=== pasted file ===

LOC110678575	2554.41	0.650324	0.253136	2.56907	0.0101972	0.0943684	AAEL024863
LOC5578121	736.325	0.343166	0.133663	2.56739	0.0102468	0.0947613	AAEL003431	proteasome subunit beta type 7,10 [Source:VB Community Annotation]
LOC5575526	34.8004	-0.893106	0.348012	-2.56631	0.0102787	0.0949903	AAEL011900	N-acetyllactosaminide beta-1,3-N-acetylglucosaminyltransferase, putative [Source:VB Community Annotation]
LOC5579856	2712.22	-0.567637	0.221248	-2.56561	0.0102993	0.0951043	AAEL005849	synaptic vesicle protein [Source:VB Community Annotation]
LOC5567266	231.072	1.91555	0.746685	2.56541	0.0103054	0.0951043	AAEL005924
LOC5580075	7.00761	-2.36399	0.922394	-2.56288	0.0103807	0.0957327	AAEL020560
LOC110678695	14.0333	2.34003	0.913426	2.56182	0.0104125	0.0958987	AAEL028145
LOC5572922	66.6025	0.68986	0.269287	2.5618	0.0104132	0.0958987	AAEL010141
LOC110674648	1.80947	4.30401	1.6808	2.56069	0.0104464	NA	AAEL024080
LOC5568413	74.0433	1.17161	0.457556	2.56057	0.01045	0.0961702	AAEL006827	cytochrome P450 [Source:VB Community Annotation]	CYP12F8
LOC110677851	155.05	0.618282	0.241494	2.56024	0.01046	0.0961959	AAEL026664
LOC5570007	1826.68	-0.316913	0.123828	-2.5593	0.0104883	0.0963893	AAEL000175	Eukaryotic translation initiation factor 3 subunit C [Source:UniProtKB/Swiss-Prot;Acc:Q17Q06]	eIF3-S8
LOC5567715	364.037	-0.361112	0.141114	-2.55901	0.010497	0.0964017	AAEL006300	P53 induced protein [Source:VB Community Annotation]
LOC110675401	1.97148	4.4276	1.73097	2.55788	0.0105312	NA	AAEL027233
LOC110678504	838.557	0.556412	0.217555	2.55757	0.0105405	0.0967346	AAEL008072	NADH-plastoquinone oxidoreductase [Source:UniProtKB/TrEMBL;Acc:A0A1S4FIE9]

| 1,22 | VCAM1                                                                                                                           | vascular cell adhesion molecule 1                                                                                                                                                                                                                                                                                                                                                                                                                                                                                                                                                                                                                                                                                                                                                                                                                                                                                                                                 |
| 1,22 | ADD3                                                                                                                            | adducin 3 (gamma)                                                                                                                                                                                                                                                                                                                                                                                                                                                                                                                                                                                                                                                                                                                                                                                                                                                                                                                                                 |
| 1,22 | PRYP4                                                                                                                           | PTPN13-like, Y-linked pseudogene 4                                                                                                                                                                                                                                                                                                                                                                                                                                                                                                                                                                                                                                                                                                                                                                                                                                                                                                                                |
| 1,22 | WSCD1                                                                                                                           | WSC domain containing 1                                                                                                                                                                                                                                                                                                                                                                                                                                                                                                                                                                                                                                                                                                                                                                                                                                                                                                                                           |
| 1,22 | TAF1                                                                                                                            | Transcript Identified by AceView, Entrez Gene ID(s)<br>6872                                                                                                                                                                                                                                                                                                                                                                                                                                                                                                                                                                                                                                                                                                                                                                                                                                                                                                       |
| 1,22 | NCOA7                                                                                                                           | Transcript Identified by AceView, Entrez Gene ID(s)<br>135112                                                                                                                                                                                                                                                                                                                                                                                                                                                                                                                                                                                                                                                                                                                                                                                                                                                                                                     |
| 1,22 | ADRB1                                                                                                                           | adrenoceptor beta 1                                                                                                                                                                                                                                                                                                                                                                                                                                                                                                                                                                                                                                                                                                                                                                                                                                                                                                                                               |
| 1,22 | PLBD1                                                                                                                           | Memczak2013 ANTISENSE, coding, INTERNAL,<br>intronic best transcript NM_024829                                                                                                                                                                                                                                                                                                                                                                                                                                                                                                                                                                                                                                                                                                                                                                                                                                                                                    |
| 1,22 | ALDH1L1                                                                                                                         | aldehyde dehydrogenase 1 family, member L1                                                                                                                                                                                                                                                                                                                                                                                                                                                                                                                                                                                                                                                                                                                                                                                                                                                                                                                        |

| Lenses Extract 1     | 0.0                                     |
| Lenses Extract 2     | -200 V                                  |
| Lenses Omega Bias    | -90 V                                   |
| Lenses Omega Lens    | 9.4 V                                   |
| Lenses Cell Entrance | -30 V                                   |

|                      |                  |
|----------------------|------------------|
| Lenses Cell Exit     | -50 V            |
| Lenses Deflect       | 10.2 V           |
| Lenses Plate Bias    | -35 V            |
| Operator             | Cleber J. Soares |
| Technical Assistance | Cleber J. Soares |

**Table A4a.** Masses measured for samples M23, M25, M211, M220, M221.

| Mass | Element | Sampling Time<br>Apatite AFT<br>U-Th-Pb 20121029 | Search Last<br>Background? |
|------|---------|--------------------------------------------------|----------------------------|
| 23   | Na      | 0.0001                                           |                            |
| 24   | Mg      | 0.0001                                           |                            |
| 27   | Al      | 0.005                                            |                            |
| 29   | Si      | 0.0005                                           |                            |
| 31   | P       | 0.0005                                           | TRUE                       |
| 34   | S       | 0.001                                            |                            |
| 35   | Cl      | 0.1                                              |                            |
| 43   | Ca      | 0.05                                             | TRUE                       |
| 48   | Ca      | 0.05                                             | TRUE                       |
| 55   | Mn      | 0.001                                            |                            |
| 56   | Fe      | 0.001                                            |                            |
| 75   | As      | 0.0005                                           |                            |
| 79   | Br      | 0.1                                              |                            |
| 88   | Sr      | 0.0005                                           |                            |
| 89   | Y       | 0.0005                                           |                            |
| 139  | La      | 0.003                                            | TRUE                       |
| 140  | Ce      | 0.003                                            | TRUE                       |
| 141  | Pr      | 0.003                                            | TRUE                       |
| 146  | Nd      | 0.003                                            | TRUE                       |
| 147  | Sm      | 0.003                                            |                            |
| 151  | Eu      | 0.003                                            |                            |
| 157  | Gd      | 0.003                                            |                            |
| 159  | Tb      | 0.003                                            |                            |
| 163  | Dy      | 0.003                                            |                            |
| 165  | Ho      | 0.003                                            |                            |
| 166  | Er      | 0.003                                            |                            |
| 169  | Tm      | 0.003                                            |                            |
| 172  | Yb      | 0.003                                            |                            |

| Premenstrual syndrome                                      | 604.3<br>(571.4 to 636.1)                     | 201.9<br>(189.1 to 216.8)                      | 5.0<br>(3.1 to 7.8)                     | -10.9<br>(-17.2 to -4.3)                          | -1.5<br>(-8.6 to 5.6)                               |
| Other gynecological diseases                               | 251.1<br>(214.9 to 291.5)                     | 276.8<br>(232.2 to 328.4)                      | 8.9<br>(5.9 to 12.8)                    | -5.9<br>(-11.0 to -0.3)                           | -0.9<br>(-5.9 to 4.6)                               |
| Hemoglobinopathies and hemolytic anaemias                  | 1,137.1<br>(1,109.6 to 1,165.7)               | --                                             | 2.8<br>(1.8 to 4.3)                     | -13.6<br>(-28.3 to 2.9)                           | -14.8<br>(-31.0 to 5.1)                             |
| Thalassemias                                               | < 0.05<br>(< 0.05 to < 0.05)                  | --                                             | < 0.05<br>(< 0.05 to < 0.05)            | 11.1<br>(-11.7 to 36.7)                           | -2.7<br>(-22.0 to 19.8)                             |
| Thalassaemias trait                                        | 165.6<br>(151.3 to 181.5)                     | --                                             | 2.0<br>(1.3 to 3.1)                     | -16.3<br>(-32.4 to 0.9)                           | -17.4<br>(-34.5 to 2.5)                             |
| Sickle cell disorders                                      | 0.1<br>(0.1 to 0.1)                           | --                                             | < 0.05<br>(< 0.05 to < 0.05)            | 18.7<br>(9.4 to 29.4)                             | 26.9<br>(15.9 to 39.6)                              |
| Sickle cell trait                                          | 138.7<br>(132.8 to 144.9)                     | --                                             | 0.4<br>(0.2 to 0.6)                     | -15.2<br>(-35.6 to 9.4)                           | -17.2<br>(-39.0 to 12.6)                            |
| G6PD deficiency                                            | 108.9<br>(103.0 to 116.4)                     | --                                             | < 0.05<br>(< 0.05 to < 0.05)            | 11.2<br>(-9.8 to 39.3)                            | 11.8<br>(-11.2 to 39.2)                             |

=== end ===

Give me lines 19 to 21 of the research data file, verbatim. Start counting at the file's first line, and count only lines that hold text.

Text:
| 1,22 | WSCD1                                                                                                                           | WSC domain containing 1                                                                                                                                                                                                                                                                                                                                                                                                                                                                                                                                                                                                                                                                                                                                                                                                                                                                                                                                           |
| 1,22 | TAF1                                                                                                                            | Transcript Identified by AceView, Entrez Gene ID(s)<br>6872                                                                                                                                                                                                                                                                                                                                                                                                                                                                                                                                                                                                                                                                                                                                                                                                                                                                                                       |
| 1,22 | NCOA7                                                                                                                           | Transcript Identified by AceView, Entrez Gene ID(s)<br>135112                                                                                                                                                                                                                                                                                                                                                                                                                                                                                                                                                                                                                                                                                                                                                                                                                                                                                                     |